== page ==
Jonah Goldberg

In the wake of the horrendous shooting rampage in Tucson, why isn't anyone talking about banning "Mein Kampf"? Or "The Communist Manifesto"? Or for that matter, "Alice's Adventures in Wonderland" and "The Phantom Tollbooth"?

After all, unlike Sarah Palin's absurdly infamous Facebook map with crosshairs on congressional districts that some pundits have blamed for the violence, we have some evidence -- suspect Jared Lee Loughner's own words -- that these books were a direct influence on him.

And to listen to partisan ghouls such as Keith Olbermann exploiting this horrific crime, any rhetoric or writing or images that contributed to it must be stopped, and those who don't accept blame and then repent (specifically Palin) must be "dismissed from politics."

Note: It's apparent from evidence found by the authorities and from interviews with the alleged killer's friends and acquaintances that Loughner has fixated on Arizona Rep. Gabrielle Giffords since 2007, long before anyone heard of the "tea parties" or, in most cases, Palin. Moreover, his grievance with Giffords appears to be unrelated to any coherent -- or even incoherent -- ideological platform. Rather, it drew on the bilious stew of resentments this young man cultivated as he lost his grip on reality.

Indeed, according to a fascinating interview in Mother Jones with one of Loughner's close friends, this twisted soul was apparently an ardent believer in "lucid dreaming" in which he could control an alternate "'Matrix-style" reality.

Something similar seems to be taking hold in more respectable quarters. New York Times columnist Paul Krugman insists he wasn't surprised this happened because he saw it coming, even though the facts in this dimension don't support his premonitions.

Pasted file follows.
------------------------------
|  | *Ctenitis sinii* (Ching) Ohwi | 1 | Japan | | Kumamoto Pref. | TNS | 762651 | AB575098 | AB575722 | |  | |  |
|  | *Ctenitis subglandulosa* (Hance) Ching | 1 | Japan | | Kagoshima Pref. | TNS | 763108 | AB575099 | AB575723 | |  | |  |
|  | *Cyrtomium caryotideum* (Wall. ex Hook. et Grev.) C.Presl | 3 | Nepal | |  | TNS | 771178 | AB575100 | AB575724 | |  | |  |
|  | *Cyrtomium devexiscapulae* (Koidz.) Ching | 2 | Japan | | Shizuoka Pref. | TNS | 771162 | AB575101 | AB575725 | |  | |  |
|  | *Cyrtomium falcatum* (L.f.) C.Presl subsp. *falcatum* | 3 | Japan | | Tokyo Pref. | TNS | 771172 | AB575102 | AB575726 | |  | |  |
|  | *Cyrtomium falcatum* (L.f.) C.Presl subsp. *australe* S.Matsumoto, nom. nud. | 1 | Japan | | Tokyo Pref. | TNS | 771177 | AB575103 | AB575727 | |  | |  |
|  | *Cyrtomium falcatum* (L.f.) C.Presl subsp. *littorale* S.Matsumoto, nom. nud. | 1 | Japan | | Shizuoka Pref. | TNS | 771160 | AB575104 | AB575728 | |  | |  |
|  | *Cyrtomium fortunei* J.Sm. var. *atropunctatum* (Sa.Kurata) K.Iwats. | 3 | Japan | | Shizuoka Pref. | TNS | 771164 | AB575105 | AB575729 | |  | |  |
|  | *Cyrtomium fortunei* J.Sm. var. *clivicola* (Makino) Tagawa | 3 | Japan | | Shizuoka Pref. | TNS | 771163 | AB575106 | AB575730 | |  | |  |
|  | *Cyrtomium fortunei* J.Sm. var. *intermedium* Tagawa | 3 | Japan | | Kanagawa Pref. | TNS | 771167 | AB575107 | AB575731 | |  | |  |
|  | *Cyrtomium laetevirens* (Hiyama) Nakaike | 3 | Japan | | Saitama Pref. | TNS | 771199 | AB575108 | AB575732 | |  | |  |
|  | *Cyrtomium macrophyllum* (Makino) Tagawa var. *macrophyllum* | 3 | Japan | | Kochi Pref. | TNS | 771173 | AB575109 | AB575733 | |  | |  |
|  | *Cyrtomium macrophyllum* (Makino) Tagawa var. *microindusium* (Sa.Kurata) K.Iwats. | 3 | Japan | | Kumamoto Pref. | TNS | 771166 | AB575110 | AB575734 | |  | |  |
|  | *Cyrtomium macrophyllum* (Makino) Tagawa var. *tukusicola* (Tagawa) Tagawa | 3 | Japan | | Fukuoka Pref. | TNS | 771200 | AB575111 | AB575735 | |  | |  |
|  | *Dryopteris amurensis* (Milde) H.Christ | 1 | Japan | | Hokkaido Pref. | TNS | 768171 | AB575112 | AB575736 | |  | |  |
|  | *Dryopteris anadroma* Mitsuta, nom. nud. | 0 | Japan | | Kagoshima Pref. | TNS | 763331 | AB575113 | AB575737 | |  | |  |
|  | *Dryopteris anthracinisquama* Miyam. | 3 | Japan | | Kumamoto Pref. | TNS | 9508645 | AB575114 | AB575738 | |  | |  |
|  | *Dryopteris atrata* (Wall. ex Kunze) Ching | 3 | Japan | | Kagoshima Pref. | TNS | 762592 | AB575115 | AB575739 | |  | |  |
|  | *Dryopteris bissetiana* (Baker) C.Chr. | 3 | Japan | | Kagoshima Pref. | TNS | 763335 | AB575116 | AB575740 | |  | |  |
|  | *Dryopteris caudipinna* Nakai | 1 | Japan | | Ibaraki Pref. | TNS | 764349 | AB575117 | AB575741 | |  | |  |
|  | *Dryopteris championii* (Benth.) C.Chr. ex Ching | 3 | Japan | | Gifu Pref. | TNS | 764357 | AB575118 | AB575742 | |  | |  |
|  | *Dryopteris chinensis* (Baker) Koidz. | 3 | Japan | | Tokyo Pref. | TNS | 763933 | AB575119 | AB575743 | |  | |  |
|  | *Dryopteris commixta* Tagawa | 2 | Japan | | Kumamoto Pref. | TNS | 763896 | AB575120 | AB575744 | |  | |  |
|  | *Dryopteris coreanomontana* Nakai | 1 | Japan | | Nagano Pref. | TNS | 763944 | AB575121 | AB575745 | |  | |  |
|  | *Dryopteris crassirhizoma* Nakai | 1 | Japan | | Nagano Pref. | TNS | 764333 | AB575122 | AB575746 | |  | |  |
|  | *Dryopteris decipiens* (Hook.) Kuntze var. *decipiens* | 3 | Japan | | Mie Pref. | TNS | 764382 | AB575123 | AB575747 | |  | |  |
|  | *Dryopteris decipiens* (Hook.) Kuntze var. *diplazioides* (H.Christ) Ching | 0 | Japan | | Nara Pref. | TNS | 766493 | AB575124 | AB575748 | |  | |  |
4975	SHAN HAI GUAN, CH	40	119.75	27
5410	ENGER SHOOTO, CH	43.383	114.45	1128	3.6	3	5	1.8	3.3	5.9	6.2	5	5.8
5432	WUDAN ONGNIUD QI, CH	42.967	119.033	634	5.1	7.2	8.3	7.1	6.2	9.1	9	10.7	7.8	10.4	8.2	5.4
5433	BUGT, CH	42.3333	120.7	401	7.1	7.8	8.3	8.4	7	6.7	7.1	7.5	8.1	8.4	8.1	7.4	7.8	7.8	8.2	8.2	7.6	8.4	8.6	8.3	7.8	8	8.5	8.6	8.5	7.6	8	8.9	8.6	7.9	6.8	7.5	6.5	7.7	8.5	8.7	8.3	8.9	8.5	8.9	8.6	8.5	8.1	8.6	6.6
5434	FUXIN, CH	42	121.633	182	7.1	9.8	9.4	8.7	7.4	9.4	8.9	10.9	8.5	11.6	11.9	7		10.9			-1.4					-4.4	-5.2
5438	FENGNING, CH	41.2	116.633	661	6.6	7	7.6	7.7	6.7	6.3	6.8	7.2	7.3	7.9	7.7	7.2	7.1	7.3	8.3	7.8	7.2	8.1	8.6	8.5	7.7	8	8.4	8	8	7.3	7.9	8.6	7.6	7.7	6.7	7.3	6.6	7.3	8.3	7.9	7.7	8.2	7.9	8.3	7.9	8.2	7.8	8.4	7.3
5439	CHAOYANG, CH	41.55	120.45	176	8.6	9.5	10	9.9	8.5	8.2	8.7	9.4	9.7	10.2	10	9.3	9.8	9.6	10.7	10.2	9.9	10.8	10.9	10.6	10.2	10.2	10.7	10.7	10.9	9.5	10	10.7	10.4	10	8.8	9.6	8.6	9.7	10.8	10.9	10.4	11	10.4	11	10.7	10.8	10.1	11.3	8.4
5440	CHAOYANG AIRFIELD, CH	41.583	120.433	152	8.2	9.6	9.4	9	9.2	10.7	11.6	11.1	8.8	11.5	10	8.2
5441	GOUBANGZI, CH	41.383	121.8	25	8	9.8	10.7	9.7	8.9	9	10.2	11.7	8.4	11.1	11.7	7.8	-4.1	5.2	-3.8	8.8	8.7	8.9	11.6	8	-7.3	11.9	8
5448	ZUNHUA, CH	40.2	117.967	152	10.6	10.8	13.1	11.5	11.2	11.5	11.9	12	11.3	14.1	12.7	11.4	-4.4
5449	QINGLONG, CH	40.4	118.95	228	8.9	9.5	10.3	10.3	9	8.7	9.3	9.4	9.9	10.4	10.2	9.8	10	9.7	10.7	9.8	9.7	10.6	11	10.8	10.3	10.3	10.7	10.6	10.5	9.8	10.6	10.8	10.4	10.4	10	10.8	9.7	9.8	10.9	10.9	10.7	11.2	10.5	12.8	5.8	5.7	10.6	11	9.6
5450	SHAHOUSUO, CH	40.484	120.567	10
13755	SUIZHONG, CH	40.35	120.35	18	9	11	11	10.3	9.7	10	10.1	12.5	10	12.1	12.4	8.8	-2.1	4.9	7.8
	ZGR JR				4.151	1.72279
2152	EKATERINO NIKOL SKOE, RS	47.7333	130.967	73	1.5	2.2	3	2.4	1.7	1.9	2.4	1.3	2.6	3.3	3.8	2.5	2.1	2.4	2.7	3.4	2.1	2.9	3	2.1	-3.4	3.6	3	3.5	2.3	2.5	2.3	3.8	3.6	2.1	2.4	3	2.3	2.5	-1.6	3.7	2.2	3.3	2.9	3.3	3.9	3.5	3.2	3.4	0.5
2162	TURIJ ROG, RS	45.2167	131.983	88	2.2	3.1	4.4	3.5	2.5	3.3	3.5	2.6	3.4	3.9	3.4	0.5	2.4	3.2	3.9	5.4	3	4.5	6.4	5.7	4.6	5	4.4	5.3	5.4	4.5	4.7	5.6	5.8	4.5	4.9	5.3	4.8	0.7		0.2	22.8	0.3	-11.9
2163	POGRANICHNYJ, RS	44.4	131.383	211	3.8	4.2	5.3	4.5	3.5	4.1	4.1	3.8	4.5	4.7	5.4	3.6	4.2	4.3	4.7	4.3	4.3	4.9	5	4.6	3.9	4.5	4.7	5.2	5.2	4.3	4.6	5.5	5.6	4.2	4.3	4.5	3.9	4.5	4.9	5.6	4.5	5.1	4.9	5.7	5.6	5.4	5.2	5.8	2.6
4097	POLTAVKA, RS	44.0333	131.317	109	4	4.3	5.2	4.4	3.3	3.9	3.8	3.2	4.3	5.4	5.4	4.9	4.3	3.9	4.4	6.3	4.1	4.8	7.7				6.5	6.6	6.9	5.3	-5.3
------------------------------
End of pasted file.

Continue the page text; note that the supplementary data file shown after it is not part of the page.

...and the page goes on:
But rather than beat up on those who've migrated from the reality-based community, it might be worthwhile to take them at their word.

If these people seriously believe that the tea parties and Palin's "lock and load" rhetoric are to blame, then what shall we do about it?

It's hard to find a serious answer to this question. For most of these ideological ambulance chasers, it seems enough to lay the blame at Republican or right-wing feet in an effort to anathematize ideas they don't like.

But that's shortsighted. Misplaced panics like this have a momentum and logic all their own. Already, Rep. Bob Brady (D-Pa.) has drafted legislation to ban the use of symbols (crosshairs on a map, for instance) or language ("lock and load!") that could foster violence. "The rhetoric is just ramped up so negatively, so high, that we have got to shut this down," he told CNN.

That opens the bidding. The question is, where will it end?


Jonah Goldberg

Jonah Goldberg is editor-at-large of National Review Online,and the author of the book The Tyranny of Clichés. You can reach him via Twitter @JonahNRO.
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